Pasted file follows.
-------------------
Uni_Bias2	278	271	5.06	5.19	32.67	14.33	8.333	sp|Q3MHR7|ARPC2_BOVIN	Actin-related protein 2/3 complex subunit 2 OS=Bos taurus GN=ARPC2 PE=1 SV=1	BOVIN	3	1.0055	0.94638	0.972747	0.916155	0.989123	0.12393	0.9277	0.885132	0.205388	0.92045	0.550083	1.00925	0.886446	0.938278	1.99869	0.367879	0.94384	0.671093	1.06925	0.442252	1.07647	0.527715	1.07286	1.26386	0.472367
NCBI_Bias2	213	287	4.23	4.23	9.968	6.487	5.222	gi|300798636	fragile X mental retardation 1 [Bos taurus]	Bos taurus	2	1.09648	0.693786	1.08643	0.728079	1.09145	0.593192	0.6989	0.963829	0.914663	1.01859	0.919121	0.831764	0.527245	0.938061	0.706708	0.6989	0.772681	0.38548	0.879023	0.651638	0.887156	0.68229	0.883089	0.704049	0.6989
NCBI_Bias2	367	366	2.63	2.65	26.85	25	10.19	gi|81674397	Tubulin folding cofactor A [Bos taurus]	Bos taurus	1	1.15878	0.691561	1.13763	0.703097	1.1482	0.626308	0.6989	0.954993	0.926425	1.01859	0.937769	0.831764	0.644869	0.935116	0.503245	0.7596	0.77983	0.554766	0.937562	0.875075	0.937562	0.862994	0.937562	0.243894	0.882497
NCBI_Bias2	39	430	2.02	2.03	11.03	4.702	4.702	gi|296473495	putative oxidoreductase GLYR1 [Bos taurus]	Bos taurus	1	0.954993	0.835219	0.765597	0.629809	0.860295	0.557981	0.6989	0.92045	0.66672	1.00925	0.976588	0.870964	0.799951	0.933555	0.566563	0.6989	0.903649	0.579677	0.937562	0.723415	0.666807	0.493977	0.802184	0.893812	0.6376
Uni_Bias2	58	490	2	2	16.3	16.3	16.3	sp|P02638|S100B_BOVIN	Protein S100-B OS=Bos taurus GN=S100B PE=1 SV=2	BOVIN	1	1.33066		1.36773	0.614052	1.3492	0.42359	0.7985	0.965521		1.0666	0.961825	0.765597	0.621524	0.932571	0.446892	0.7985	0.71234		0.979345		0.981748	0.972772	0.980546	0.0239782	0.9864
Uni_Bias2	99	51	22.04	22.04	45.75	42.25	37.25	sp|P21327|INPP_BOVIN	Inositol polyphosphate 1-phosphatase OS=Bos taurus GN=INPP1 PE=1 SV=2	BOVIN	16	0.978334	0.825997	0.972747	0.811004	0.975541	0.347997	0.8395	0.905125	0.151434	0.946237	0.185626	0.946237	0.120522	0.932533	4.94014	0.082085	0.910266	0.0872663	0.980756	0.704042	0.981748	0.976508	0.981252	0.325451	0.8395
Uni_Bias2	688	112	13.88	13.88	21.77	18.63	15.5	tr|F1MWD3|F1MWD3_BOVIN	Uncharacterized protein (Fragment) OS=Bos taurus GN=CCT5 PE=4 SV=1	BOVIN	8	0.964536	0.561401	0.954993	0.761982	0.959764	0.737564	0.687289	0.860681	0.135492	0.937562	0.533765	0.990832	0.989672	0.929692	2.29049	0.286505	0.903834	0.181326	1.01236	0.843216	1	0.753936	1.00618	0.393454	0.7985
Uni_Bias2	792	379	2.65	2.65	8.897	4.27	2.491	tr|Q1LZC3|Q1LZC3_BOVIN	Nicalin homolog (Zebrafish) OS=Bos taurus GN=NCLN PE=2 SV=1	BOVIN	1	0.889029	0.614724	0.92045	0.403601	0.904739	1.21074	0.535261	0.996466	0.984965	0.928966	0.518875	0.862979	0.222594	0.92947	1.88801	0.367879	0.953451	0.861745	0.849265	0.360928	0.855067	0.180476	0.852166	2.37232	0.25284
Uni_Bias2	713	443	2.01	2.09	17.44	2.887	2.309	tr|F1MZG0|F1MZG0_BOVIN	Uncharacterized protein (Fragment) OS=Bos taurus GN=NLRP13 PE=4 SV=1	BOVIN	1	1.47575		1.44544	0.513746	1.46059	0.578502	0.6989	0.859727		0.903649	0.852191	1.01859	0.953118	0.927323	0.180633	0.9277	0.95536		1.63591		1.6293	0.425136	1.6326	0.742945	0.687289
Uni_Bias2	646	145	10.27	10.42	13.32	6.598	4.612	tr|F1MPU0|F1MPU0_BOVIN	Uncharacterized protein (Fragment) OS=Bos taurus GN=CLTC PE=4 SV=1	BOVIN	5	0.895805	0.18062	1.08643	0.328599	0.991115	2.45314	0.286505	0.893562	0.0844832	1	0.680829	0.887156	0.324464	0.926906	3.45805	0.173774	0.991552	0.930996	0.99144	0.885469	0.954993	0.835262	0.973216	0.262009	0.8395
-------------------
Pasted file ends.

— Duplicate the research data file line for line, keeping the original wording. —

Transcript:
Uni_Bias2	278	271	5.06	5.19	32.67	14.33	8.333	sp|Q3MHR7|ARPC2_BOVIN	Actin-related protein 2/3 complex subunit 2 OS=Bos taurus GN=ARPC2 PE=1 SV=1	BOVIN	3	1.0055	0.94638	0.972747	0.916155	0.989123	0.12393	0.9277	0.885132	0.205388	0.92045	0.550083	1.00925	0.886446	0.938278	1.99869	0.367879	0.94384	0.671093	1.06925	0.442252	1.07647	0.527715	1.07286	1.26386	0.472367
NCBI_Bias2	213	287	4.23	4.23	9.968	6.487	5.222	gi|300798636	fragile X mental retardation 1 [Bos taurus]	Bos taurus	2	1.09648	0.693786	1.08643	0.728079	1.09145	0.593192	0.6989	0.963829	0.914663	1.01859	0.919121	0.831764	0.527245	0.938061	0.706708	0.6989	0.772681	0.38548	0.879023	0.651638	0.887156	0.68229	0.883089	0.704049	0.6989
NCBI_Bias2	367	366	2.63	2.65	26.85	25	10.19	gi|81674397	Tubulin folding cofactor A [Bos taurus]	Bos taurus	1	1.15878	0.691561	1.13763	0.703097	1.1482	0.626308	0.6989	0.954993	0.926425	1.01859	0.937769	0.831764	0.644869	0.935116	0.503245	0.7596	0.77983	0.554766	0.937562	0.875075	0.937562	0.862994	0.937562	0.243894	0.882497
NCBI_Bias2	39	430	2.02	2.03	11.03	4.702	4.702	gi|296473495	putative oxidoreductase GLYR1 [Bos taurus]	Bos taurus	1	0.954993	0.835219	0.765597	0.629809	0.860295	0.557981	0.6989	0.92045	0.66672	1.00925	0.976588	0.870964	0.799951	0.933555	0.566563	0.6989	0.903649	0.579677	0.937562	0.723415	0.666807	0.493977	0.802184	0.893812	0.6376
Uni_Bias2	58	490	2	2	16.3	16.3	16.3	sp|P02638|S100B_BOVIN	Protein S100-B OS=Bos taurus GN=S100B PE=1 SV=2	BOVIN	1	1.33066		1.36773	0.614052	1.3492	0.42359	0.7985	0.965521		1.0666	0.961825	0.765597	0.621524	0.932571	0.446892	0.7985	0.71234		0.979345		0.981748	0.972772	0.980546	0.0239782	0.9864
Uni_Bias2	99	51	22.04	22.04	45.75	42.25	37.25	sp|P21327|INPP_BOVIN	Inositol polyphosphate 1-phosphatase OS=Bos taurus GN=INPP1 PE=1 SV=2	BOVIN	16	0.978334	0.825997	0.972747	0.811004	0.975541	0.347997	0.8395	0.905125	0.151434	0.946237	0.185626	0.946237	0.120522	0.932533	4.94014	0.082085	0.910266	0.0872663	0.980756	0.704042	0.981748	0.976508	0.981252	0.325451	0.8395
Uni_Bias2	688	112	13.88	13.88	21.77	18.63	15.5	tr|F1MWD3|F1MWD3_BOVIN	Uncharacterized protein (Fragment) OS=Bos taurus GN=CCT5 PE=4 SV=1	BOVIN	8	0.964536	0.561401	0.954993	0.761982	0.959764	0.737564	0.687289	0.860681	0.135492	0.937562	0.533765	0.990832	0.989672	0.929692	2.29049	0.286505	0.903834	0.181326	1.01236	0.843216	1	0.753936	1.00618	0.393454	0.7985
Uni_Bias2	792	379	2.65	2.65	8.897	4.27	2.491	tr|Q1LZC3|Q1LZC3_BOVIN	Nicalin homolog (Zebrafish) OS=Bos taurus GN=NCLN PE=2 SV=1	BOVIN	1	0.889029	0.614724	0.92045	0.403601	0.904739	1.21074	0.535261	0.996466	0.984965	0.928966	0.518875	0.862979	0.222594	0.92947	1.88801	0.367879	0.953451	0.861745	0.849265	0.360928	0.855067	0.180476	0.852166	2.37232	0.25284
Uni_Bias2	713	443	2.01	2.09	17.44	2.887	2.309	tr|F1MZG0|F1MZG0_BOVIN	Uncharacterized protein (Fragment) OS=Bos taurus GN=NLRP13 PE=4 SV=1	BOVIN	1	1.47575		1.44544	0.513746	1.46059	0.578502	0.6989	0.859727		0.903649	0.852191	1.01859	0.953118	0.927323	0.180633	0.9277	0.95536		1.63591		1.6293	0.425136	1.6326	0.742945	0.687289
Uni_Bias2	646	145	10.27	10.42	13.32	6.598	4.612	tr|F1MPU0|F1MPU0_BOVIN	Uncharacterized protein (Fragment) OS=Bos taurus GN=CLTC PE=4 SV=1	BOVIN	5	0.895805	0.18062	1.08643	0.328599	0.991115	2.45314	0.286505	0.893562	0.0844832	1	0.680829	0.887156	0.324464	0.926906	3.45805	0.173774	0.991552	0.930996	0.99144	0.885469	0.954993	0.835262	0.973216	0.262009	0.8395